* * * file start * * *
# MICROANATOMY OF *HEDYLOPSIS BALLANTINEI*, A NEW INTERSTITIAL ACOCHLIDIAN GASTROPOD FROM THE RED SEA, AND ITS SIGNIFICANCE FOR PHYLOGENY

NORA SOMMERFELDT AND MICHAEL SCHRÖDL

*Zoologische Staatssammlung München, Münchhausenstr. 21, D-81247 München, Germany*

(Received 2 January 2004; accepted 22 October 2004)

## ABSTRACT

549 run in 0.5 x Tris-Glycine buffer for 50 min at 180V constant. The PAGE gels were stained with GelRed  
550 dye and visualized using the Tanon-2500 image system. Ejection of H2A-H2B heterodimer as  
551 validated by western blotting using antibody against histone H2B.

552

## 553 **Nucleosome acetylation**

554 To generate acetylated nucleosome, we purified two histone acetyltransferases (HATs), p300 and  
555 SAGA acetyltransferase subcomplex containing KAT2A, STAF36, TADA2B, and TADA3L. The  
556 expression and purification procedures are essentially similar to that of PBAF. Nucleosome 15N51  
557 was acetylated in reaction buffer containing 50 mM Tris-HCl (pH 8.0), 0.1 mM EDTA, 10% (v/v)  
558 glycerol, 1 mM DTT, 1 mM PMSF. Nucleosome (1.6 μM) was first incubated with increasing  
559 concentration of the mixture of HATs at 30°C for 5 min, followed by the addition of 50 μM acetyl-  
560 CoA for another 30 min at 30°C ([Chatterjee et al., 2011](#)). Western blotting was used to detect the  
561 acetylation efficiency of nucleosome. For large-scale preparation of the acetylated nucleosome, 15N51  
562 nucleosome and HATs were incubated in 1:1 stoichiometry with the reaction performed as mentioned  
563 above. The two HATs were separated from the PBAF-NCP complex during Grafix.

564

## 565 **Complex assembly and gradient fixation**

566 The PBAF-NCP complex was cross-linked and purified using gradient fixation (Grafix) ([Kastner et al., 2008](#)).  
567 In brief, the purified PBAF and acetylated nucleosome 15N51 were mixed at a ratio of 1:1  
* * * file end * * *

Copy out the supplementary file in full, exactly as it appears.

# MICROANATOMY OF *HEDYLOPSIS BALLANTINEI*, A NEW INTERSTITIAL ACOCHLIDIAN GASTROPOD FROM THE RED SEA, AND ITS SIGNIFICANCE FOR PHYLOGENY

NORA SOMMERFELDT AND MICHAEL SCHRÖDL

*Zoologische Staatssammlung München, Münchhausenstr. 21, D-81247 München, Germany*

(Received 2 January 2004; accepted 22 October 2004)

## ABSTRACT

549 run in 0.5 x Tris-Glycine buffer for 50 min at 180V constant. The PAGE gels were stained with GelRed  
550 dye and visualized using the Tanon-2500 image system. Ejection of H2A-H2B heterodimer as  
551 validated by western blotting using antibody against histone H2B.

552

## 553 **Nucleosome acetylation**

554 To generate acetylated nucleosome, we purified two histone acetyltransferases (HATs), p300 and  
555 SAGA acetyltransferase subcomplex containing KAT2A, STAF36, TADA2B, and TADA3L. The  
556 expression and purification procedures are essentially similar to that of PBAF. Nucleosome 15N51  
557 was acetylated in reaction buffer containing 50 mM Tris-HCl (pH 8.0), 0.1 mM EDTA, 10% (v/v)  
558 glycerol, 1 mM DTT, 1 mM PMSF. Nucleosome (1.6 μM) was first incubated with increasing  
559 concentration of the mixture of HATs at 30°C for 5 min, followed by the addition of 50 μM acetyl-  
560 CoA for another 30 min at 30°C ([Chatterjee et al., 2011](#)). Western blotting was used to detect the  
561 acetylation efficiency of nucleosome. For large-scale preparation of the acetylated nucleosome, 15N51  
562 nucleosome and HATs were incubated in 1:1 stoichiometry with the reaction performed as mentioned  
563 above. The two HATs were separated from the PBAF-NCP complex during Grafix.

564

## 565 **Complex assembly and gradient fixation**

566 The PBAF-NCP complex was cross-linked and purified using gradient fixation (Grafix) ([Kastner et al., 2008](#)).  
567 In brief, the purified PBAF and acetylated nucleosome 15N51 were mixed at a ratio of 1:1  